Company seeks a market for these by-products to help off-set the costs of disposing
of them and help make the price of the main product more competitive
Product bundle pricing
Sellers often combine several products and offer the bundle at a reduced price
Promote the sales of products consumers might not otherwise buy, but the
combined price must be low enough to get them to buy the bundle
Discount and Allowance Pricing
Most companies adjust their basic price to reward customers for certain responses
such as the early payment of bills, volume purchases and off-season buying
Can take many forms
Cash discount: a price reduction to buyers who pay their bills promptly
Quantity discount: price reduction to buyers who buy large volumes
Functional discount: to trade channel members who perform certain
functions such as selling, storing and record keeping
Seasonable discount: price reduction to buyers who buy merchandise or
services out of season
Trade-in all allowances: price reductions given for turning in an old item
when buying a new one
Promotional allowances: payments or price reductions to reward dealers for
participating in advertising and sales support programs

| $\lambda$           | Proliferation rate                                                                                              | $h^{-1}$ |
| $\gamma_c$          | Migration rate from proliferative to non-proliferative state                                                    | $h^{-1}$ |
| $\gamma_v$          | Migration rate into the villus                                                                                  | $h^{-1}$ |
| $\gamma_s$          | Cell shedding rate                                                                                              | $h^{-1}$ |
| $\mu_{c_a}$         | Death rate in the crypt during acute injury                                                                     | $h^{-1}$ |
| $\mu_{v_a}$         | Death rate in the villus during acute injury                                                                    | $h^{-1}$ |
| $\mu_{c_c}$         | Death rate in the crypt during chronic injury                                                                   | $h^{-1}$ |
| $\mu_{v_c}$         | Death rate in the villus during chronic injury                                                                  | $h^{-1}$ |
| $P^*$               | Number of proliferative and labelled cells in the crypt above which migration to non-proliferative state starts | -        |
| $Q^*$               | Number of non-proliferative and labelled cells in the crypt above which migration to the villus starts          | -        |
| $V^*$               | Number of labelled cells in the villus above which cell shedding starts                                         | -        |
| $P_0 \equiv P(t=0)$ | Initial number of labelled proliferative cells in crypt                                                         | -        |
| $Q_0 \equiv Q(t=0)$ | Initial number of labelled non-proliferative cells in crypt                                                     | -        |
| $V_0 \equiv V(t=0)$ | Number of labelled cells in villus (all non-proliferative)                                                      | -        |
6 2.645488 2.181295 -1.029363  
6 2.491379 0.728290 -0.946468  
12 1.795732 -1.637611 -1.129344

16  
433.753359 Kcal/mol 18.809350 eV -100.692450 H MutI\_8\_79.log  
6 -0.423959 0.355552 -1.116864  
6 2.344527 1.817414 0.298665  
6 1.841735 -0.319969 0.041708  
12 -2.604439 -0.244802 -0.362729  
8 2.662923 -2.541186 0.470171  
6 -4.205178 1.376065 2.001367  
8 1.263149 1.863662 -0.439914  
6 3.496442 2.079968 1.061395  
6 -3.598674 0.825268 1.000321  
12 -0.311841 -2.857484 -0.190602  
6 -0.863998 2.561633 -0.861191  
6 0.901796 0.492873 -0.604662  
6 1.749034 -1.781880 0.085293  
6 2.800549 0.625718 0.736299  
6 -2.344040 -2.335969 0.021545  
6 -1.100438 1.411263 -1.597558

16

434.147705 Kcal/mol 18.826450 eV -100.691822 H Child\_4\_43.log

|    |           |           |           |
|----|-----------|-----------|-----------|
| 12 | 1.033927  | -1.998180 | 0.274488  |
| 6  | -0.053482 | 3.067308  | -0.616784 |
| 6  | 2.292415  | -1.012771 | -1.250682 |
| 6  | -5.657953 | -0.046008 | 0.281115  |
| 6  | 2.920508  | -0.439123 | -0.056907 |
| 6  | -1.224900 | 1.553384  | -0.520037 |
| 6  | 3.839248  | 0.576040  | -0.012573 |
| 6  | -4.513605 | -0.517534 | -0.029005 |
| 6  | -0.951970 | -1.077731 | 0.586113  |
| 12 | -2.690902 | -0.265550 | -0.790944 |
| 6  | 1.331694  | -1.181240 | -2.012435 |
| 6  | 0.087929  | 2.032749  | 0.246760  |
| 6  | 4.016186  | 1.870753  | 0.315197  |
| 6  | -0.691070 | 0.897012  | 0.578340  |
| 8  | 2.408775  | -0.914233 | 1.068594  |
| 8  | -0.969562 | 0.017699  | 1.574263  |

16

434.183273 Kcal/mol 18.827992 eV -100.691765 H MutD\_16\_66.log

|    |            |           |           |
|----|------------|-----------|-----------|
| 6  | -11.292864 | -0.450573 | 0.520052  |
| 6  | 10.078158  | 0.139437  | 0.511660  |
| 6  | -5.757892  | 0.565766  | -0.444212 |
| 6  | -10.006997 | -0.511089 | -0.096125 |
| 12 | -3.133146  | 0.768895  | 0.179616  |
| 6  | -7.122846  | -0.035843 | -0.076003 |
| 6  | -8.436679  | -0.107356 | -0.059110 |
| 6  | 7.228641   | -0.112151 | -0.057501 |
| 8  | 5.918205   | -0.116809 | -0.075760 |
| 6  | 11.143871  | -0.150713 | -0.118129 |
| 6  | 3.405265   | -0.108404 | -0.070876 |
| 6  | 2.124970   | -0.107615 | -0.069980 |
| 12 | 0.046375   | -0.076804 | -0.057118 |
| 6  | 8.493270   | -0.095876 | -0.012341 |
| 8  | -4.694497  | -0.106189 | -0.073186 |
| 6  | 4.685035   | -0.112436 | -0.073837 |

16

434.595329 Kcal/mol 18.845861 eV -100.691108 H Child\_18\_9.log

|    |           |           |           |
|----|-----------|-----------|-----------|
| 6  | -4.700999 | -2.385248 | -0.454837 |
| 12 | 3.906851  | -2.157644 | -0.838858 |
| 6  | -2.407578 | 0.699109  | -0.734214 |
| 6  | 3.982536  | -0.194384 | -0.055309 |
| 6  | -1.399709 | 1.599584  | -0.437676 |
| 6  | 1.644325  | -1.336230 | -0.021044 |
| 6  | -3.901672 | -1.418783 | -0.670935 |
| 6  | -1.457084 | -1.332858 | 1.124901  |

Segmented pricing
Companies will often adjust their basic prices to allow for differences in customers,
products and locations
Company sells a product or service at 2 or more prices, even though the difference in
prices is not based on differences in costs
Customer segment pricing
 Different customers pay different prices for the same product or services
Product form pricing
 Different versions of the product are priced differently but not according to
differences in their costs
Location based pricing
 Company charges different prices for different locations
Time based pricing
 A firm varies its price by the season, the month, the day or even the hour
Market must be segmentable
Segments must show a different degree of demand
Costs of segmenting and reaching the market cannot exceed the extra revenue
obtained from the price difference
Should reflect real differences in customers’ perceived value
 Consumers in higher price tiers must feel that they are getting their extra
money’s worth for the higher prices paid
Company must be careful not to treat customers in lower price tiers as
second-class citizens
Psychological pricing
Sellers consider the psychology of prices not simply the economics
Consumers usually perceive higher-priced products as having higher quality
Reference prices
 Prices that buyers carry in their minds and refer to when looking at a given